Alumnus Tirthak Saha: From India to Drexel to Startup

Alumnus Tirthak Saha is terrible at origami. This is not normally a disadvantage for those seeking engineering degrees. In fact, in his case, it was a plus. Looking at the ancient paper-folding art as a non-practitioner, Saha (electrical engineering, ’16) realized its mathematical properties could be adopted to conserve space on satellite solar panels: they, too, could be folded.

It’s the kind of adroit connection that talented engineers—even “scattered” engineers, as Saha described himself—make between random fields to create dramatic solutions. The idea drove a senior design project for NASA while Saha was at Drexel. It also led in a roundabout way to his being named in 2018 as one of Forbes Magazine’s “30 Under 30,” the annual compendium of the young and gifted.

Tirthak Saha
Tirthak Saha at the Forbes Under 30 Summit

Look Saha up on the Forbes website and you’ll find a golden Drexel dragon at the bottom of the page, underneath his “30 Under 30” creds. That’s something Saha, who was born in Delhi, India, is especially proud of. It was at the College of Engineering that he learned, like so many young engineers, to appreciate how his mind works, when to wrangle it under control and when to just turn it loose.  

“It’s very difficult for a person like me to thrive in a typical academic environment. And what I mean by that is, I have a very scattered brain. That’s just how I work,” said Saha, who came to Drexel as a transfer student in 2014 from the Manipal Academy of Higher Education in Karnataka, India. “I have the bandwidth to take in a lot of information. What I do then is take the diverse pieces of information and tie them together to form a creative solution.

“The problem with that is, it’s not suited to a structured academic environment where you have to have intense focus and a pre-assigned task,” he added. “So, when I got to Drexel, I was really struggling and trying to find how to merge my abilities with the way they wanted me to do things.”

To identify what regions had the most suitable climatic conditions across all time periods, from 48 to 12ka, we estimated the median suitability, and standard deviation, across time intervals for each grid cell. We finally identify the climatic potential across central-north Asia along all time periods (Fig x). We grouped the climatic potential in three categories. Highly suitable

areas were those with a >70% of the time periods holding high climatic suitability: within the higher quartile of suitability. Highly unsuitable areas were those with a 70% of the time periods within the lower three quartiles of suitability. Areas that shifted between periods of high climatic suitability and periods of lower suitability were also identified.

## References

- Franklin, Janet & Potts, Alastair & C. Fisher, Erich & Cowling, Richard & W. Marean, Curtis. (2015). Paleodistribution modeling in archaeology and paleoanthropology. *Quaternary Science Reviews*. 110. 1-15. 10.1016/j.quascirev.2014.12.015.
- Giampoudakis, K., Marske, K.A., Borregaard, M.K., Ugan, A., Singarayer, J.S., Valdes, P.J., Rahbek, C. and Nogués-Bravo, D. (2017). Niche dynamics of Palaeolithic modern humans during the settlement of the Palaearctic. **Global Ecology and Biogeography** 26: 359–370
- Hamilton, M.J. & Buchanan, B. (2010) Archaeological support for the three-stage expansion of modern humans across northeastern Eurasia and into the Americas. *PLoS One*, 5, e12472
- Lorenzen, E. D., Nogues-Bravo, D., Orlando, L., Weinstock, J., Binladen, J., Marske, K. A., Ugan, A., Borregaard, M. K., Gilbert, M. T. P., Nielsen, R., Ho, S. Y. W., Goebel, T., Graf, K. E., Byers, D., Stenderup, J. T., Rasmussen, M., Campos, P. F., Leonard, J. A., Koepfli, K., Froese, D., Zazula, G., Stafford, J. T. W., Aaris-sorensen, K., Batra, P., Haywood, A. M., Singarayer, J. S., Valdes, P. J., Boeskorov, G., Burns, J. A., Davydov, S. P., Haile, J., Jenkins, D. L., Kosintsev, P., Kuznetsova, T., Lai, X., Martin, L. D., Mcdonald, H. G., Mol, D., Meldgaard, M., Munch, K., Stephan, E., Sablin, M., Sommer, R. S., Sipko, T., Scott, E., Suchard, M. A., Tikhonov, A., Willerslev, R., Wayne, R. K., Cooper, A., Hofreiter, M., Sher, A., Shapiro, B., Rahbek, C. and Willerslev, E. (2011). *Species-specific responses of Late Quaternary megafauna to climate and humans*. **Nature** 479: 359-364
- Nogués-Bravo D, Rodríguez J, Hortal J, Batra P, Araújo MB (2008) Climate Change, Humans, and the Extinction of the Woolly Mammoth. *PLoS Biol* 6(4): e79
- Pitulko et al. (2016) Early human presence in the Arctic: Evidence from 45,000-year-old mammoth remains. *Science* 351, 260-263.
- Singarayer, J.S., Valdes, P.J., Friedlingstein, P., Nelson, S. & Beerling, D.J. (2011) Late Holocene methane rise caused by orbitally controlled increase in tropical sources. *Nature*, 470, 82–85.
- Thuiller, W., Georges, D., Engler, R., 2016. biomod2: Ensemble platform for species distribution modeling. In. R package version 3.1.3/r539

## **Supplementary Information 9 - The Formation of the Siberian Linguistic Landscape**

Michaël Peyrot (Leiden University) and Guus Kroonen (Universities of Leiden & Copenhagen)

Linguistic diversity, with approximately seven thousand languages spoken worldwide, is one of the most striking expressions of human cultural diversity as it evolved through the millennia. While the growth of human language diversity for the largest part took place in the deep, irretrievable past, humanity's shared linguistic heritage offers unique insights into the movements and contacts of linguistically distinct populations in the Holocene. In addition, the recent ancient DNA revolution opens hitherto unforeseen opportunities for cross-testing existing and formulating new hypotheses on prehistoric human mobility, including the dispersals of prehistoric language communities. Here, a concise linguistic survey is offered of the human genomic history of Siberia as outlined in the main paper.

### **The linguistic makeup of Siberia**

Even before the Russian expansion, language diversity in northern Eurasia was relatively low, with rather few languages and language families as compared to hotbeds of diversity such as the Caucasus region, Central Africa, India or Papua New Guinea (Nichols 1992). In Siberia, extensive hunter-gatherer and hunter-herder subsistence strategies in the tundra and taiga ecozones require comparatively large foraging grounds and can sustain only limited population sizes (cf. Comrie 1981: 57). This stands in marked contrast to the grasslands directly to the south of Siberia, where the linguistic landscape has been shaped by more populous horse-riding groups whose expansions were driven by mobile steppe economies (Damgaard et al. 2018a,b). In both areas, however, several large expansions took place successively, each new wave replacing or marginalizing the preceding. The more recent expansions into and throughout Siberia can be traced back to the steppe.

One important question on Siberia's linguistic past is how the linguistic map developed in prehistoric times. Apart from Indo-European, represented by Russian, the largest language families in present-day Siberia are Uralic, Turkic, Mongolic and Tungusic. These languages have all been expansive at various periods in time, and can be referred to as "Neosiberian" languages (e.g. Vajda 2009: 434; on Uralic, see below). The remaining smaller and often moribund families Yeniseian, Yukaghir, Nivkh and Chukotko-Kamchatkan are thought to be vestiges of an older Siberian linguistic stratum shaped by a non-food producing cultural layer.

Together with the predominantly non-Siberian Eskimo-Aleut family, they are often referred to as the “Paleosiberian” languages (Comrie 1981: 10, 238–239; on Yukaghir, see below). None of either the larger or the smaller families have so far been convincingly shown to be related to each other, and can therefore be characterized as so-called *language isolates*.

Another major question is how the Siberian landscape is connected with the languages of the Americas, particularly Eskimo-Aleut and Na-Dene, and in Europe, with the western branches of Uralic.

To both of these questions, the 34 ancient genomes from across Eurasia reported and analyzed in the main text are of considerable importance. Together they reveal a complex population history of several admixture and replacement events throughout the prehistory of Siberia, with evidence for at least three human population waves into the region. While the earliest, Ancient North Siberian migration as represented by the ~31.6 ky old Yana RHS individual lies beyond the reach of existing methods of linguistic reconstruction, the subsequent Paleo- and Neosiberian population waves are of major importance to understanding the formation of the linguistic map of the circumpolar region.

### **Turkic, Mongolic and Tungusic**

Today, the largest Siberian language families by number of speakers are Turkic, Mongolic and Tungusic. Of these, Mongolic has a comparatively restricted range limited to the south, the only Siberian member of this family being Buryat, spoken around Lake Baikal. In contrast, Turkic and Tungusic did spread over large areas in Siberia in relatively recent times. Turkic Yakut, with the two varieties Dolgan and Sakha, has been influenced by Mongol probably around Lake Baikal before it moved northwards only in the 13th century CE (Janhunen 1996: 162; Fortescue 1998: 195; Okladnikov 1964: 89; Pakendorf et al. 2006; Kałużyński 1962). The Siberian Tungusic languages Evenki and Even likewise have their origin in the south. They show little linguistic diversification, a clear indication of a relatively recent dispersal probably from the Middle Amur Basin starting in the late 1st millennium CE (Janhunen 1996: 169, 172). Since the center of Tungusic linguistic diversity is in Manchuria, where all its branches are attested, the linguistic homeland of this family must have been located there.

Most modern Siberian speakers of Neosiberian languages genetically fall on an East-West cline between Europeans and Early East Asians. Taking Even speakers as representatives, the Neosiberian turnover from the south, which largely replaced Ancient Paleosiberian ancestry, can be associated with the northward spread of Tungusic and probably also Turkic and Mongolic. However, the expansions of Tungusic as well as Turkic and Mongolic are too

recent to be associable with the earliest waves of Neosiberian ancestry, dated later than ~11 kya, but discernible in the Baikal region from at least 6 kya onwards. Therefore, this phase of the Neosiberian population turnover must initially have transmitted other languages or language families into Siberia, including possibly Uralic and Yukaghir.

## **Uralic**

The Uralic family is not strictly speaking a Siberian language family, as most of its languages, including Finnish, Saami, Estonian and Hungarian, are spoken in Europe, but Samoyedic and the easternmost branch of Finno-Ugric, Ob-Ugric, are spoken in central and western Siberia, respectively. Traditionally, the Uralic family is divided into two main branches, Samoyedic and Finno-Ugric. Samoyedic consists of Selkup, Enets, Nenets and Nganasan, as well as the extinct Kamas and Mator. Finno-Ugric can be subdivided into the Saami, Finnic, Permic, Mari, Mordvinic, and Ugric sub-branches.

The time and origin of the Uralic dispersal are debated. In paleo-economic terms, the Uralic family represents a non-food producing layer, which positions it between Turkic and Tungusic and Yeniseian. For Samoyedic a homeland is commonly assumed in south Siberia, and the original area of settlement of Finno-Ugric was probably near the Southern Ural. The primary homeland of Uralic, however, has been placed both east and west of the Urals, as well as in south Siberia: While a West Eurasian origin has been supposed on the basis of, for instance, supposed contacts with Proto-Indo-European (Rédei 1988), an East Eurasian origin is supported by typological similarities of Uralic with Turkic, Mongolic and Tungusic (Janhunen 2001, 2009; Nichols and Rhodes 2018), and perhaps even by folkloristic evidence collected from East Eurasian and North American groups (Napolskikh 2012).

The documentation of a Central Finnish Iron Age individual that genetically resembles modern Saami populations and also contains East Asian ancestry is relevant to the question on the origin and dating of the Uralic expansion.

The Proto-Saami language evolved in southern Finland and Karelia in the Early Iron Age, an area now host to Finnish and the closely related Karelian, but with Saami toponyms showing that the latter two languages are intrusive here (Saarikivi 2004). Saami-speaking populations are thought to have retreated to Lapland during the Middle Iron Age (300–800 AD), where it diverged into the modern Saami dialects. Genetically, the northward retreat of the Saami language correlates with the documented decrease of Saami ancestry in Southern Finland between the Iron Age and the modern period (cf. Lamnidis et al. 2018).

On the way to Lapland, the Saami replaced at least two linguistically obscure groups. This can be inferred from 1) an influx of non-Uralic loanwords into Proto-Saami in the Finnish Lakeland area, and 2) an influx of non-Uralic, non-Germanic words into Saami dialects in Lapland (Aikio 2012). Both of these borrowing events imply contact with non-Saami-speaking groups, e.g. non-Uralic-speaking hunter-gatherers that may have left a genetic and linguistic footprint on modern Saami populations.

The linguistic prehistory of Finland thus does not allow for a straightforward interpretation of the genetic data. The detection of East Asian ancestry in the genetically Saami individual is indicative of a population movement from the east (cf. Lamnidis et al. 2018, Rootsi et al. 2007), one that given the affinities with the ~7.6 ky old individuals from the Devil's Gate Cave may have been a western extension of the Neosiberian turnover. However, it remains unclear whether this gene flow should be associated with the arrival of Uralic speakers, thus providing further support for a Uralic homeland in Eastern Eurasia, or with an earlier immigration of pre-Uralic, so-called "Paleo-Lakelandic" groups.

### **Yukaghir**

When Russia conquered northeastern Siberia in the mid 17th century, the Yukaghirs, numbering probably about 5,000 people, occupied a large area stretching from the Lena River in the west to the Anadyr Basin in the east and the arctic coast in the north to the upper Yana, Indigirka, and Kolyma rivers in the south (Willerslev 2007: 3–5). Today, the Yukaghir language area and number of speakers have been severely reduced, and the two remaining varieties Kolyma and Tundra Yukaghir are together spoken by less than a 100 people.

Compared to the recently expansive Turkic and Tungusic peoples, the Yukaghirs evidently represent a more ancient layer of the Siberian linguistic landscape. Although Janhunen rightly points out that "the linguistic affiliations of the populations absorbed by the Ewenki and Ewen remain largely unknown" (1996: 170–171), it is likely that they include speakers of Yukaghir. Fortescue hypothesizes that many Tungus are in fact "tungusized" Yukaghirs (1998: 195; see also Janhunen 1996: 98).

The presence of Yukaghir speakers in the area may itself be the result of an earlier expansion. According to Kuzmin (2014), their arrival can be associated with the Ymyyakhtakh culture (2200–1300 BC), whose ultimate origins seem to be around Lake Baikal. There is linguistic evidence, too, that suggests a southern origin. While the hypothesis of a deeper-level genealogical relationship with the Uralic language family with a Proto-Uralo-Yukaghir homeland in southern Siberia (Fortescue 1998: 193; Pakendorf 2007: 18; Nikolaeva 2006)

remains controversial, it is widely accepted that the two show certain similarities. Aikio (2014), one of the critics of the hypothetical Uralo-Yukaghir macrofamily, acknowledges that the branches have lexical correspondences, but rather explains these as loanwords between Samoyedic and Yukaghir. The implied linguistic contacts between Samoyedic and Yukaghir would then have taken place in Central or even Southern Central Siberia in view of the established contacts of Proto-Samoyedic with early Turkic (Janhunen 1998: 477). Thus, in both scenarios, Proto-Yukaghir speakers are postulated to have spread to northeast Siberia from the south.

Designing with NASA

One evening several years ago while he was still an undergraduate, Saha was sitting in a Drexel library casting about for a design project that would accommodate his quirky interests. He suddenly recalled a trip to an origami museum he had taken as a boy, and how intrigued he’d been there with a folded flower and a paper crane.

“I thought, what if we took the mathematics of those folds and applied them to folding these solar panel systems that necessarily have to be large. We can make them smaller and smaller and put them on satellites, where space is a commodity,” he said. “Then, I did some research and found others were doing kind of the same thing, but for much larger systems. So, I focused on CubeSats, the 10x10x11 centimeter miniature satellites, and that’s how it started.”

Saha built out a theoretical proposal on the idea and approached Dr. Ajmal Yousuff, associate professor in the Department of Mechanical Engineering and Mechanics, who liked the idea and agreed to mentor him. The project was called Sunbird, and had a team of four undergraduates.

“He is a well-talented individual,” said Yousuff. “What I found unique in him was his intrinsic ability to foresee manufacturing issues and constraints, and incorporate them into the product’s design phase. This ability helped his team to move their prototype efficiently from design to production.”

The Sunbird CubeSat design project formed the foundation of a strong, hands-on resume and a future full of promise. Which is how Saha came to be contemplating origami during a phone interview one morning last month, having left one of the country’s most powerful electric companies to co-found a company of his own.

Philadelphia Dragons

Saha could have had his pick of American universities, but several qualities drew him to CoE. Ever since he was a boy growing up in India “with a frustrating lack of access and opportunities,” he had wanted to study abroad. Everyone around him talked of New York and San Francisco. But in the end, it was Philadelphia itself that sealed the deal.